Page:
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Yesterday’s post discussed IL-10 U.S. House Candidate, Bob Dold’s botched campaign to run on a Social Security privatization plan. Dold got himself caught in the middle of the Tea Parties love/hate relationship with Social Security. Tea party leaders love to say they hate it, but their followers hate the idea of giving it up for themselves. His solution was to come out strong for the primary and back off quickly when questioned about the plan.
Today, I’ll take a look at Mark Kirk’s long history of running on Social Security privatization without actually coming out and saying so.
When George W. Bush’s began laying the groundwork for a Social Security privatization plan, Mark Kirk remained silent. The only source for his position was a 1998 Republican Main Street Partnership Issue paper that he signed onto. The paper adopted the idea that Social Security was in crisis and supported individual savings accounts.
In December 2004, I wrote to my congressman asking him about his position on Social Security. He responded:
Dear Ms. Gill:
Thank you for contacting me regarding Social Security reform. I appreciate your orrespondence on this crucial issue.
Social Security is the most important federal senior program providing financial backing to millions of Americans who worked hard for their retirement. Our nation’s seniors built their retirement security on a foundation of benefits earned throughout their career. Future retirees deserve the same confidence in a solvent Social Security system.
President Bush indicated in his campaign that strengthening Social Security will top his second term agenda. In the coming months, I will carefully review the details of his proposals. As I review any proposed Social Security reforms, I will apply three key principles:
1. Current retirees must receive their full entitled benefits,
2. Americans about to retire will also receive full benefits without a change in the retirement age, and
3. Any reforms must strengthen the financial foundation of Social Security.
If a proposal does not fulfill the promise of these principles, I will not support it. Over the coming months, I will work with my colleagues in Congress to develop a sustainable system that keeps Social Security in tact for retirees and assures financial stability for younger workers.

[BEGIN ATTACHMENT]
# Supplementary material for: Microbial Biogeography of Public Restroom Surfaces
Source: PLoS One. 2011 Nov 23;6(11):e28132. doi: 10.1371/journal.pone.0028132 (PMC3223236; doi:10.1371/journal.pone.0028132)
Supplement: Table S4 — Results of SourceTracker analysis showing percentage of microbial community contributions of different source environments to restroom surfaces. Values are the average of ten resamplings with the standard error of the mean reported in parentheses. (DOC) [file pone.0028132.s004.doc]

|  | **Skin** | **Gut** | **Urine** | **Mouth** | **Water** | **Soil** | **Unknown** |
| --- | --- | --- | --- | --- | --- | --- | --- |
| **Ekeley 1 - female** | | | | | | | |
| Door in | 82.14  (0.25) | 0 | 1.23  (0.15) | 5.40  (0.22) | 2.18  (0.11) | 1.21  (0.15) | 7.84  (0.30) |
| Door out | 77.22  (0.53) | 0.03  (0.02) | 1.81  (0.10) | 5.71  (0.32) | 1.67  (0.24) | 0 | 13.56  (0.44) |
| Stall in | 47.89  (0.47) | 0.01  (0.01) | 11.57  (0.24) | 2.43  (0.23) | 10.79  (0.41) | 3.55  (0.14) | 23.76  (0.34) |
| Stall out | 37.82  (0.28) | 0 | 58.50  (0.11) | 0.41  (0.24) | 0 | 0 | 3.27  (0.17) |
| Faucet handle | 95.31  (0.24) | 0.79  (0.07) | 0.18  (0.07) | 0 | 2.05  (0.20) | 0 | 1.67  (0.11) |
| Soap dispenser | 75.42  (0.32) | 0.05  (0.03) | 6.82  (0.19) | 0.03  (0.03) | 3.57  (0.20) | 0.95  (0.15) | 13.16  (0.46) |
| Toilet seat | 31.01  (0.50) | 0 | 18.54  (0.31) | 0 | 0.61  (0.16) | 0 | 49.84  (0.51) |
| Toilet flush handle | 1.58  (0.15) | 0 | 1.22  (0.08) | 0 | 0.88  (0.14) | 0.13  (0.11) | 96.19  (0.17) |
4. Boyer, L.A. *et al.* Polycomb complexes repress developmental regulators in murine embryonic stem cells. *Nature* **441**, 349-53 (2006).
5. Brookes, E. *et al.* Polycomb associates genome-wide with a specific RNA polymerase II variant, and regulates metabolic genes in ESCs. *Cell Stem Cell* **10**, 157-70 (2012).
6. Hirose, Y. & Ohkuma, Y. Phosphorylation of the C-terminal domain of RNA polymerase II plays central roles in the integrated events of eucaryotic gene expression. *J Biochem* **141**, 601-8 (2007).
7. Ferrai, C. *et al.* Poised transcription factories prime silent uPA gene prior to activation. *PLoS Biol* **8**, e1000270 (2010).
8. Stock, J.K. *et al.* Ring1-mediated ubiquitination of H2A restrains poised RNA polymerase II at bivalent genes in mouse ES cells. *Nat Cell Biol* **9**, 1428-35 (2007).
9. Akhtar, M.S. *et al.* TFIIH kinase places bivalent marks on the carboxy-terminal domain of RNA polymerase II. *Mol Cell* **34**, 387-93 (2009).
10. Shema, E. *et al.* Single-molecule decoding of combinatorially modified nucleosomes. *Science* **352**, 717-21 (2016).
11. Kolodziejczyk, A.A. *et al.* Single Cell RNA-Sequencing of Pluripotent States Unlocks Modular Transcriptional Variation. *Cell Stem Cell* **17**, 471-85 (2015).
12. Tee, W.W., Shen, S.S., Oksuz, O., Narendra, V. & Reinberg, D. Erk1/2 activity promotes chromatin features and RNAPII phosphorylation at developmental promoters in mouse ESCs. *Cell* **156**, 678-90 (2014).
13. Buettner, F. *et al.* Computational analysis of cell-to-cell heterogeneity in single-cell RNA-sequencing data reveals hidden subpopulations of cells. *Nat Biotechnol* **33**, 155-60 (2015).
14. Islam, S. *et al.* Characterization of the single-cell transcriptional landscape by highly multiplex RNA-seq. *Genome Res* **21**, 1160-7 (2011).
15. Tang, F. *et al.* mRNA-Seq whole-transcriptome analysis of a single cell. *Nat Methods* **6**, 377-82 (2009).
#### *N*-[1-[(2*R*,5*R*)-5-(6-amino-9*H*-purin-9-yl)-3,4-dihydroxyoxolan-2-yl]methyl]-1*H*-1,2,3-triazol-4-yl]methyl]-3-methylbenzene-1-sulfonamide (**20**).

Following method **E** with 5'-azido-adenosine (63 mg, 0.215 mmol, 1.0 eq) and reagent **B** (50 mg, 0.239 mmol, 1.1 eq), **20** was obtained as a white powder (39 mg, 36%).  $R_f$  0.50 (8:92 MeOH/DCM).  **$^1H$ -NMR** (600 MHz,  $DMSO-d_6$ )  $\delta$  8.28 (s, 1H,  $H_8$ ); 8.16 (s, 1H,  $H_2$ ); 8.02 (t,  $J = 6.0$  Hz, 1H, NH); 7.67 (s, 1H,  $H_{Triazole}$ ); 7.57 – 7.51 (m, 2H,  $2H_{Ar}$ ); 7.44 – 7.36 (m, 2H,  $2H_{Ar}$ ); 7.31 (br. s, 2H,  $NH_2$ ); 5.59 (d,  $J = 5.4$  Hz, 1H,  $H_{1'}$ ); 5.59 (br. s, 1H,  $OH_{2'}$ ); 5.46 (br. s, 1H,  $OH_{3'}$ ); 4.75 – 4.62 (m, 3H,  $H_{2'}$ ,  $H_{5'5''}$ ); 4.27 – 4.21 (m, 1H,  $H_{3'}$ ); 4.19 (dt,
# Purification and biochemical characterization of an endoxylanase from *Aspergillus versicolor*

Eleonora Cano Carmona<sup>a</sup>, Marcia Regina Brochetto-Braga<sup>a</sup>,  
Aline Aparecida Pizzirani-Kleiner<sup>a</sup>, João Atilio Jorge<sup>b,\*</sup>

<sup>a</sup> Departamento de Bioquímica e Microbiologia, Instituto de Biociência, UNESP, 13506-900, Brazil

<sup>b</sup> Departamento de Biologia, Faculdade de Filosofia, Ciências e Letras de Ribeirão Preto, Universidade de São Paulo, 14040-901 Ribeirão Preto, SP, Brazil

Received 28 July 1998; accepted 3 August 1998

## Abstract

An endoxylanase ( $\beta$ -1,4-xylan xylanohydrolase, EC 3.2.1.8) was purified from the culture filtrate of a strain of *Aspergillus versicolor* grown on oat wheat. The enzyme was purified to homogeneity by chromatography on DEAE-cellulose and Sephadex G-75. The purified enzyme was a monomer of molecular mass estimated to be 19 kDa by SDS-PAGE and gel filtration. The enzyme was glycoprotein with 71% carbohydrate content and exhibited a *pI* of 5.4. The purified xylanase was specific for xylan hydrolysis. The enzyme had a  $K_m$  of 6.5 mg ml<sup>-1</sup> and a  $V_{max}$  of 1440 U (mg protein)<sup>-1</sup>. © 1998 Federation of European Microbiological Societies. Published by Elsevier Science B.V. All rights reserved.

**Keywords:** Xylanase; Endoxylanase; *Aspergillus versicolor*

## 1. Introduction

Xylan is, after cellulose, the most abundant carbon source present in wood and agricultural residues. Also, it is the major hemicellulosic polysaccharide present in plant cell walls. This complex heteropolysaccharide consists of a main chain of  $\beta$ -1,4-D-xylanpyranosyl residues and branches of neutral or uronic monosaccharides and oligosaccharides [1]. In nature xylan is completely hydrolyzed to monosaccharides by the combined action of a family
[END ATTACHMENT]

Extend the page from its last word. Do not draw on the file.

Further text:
Thank you for contacting me on this important issue. Please visit my website at www.house.gov.kirk or contact me again whenever issues of importance to you come before the Congress.
~Mark Steven Kirk
Member of Congress
Kirk never came out and said he’d vote for a privatization scheme, but he praised Bush’s as working to “strengthen” Social Security and used the same word to describe his third principle of support for Social Security changes. At the time, I noted that Kirk, as many others claiming to seek to strengthen the system while remaining politic, chose to sacrifice younger Americans so older Americans, no matter of need, can keep their current benefit levels. This is also a current mantra of the so-called Social Security reformers. As Paul Krugman has pointed out, this is a circular argument:
And having invented a crisis, what do Social Security’s attackers want to do? They don’t propose cutting benefits to current retirees; invariably the plan is, instead, to cut benefits many years in the future. So think about it this way: In order to avoid the possibility of future benefit cuts, we must cut future benefits. O.K.
It’s plain that Social Security “reformers” want to lose the plan, but not the senior vote. It’s perhaps a safer, but short-lived strategy.
When Bush stopped talking about Social Security in mid-late 2005, so did Mark Kirk.
Kirk made a couple of votes as a U.S. Congressman from which one could glean his position on Social Security. In 2004, Kirk voted with his party and against a Democratic proposal to prevent dipping into the Social Security Trust Fund to support FSA accounts. Kirk softened his position in preparation for the tough 2008 race against Dan Seals by voting against the republican substitute budget which sought to freeze domestic spending to support extending the Bush tax cuts. Since the republican proposal was not close to passage, Kirk’s vote would not have mattered and it was widely viewed in the district as a political vote to satisfy his moderate district.
As a U.S. Senate Candidate, Kirk has been asked about his current position on Social Security. He has nothing up on his campaign website about it, but he has answered editorial board candidate questionnaires. The Chicago Tribune asked about raising payroll taxes and retirement age, and changes to the benefit formula. They didn’t ask about privatization, but asked candidates to be specific. Kirk’s response was not specific. His short 1 paragraph answer beings with a long run-on about the importance of the program. The only specifics in Kirk’s answer were the same 3 principles he wrote in his response to me nearly 5 years before.
The Chicago Sun-Times didn’t ask the Social Security question, but asked about the candidates’ top 5 priorities. Social Security was not among Kirk’s stated priorities, but lowering taxes and cutting government programs were leaving the question open.
It’s hard to know Kirk’s position on Social Security privatization. However, his past behavior shows that when his vote is needed by his party, he gives it and when the far right demands something he hates to turn them down.
This post can also be found at my Illinois Tenth Congressional District Blog.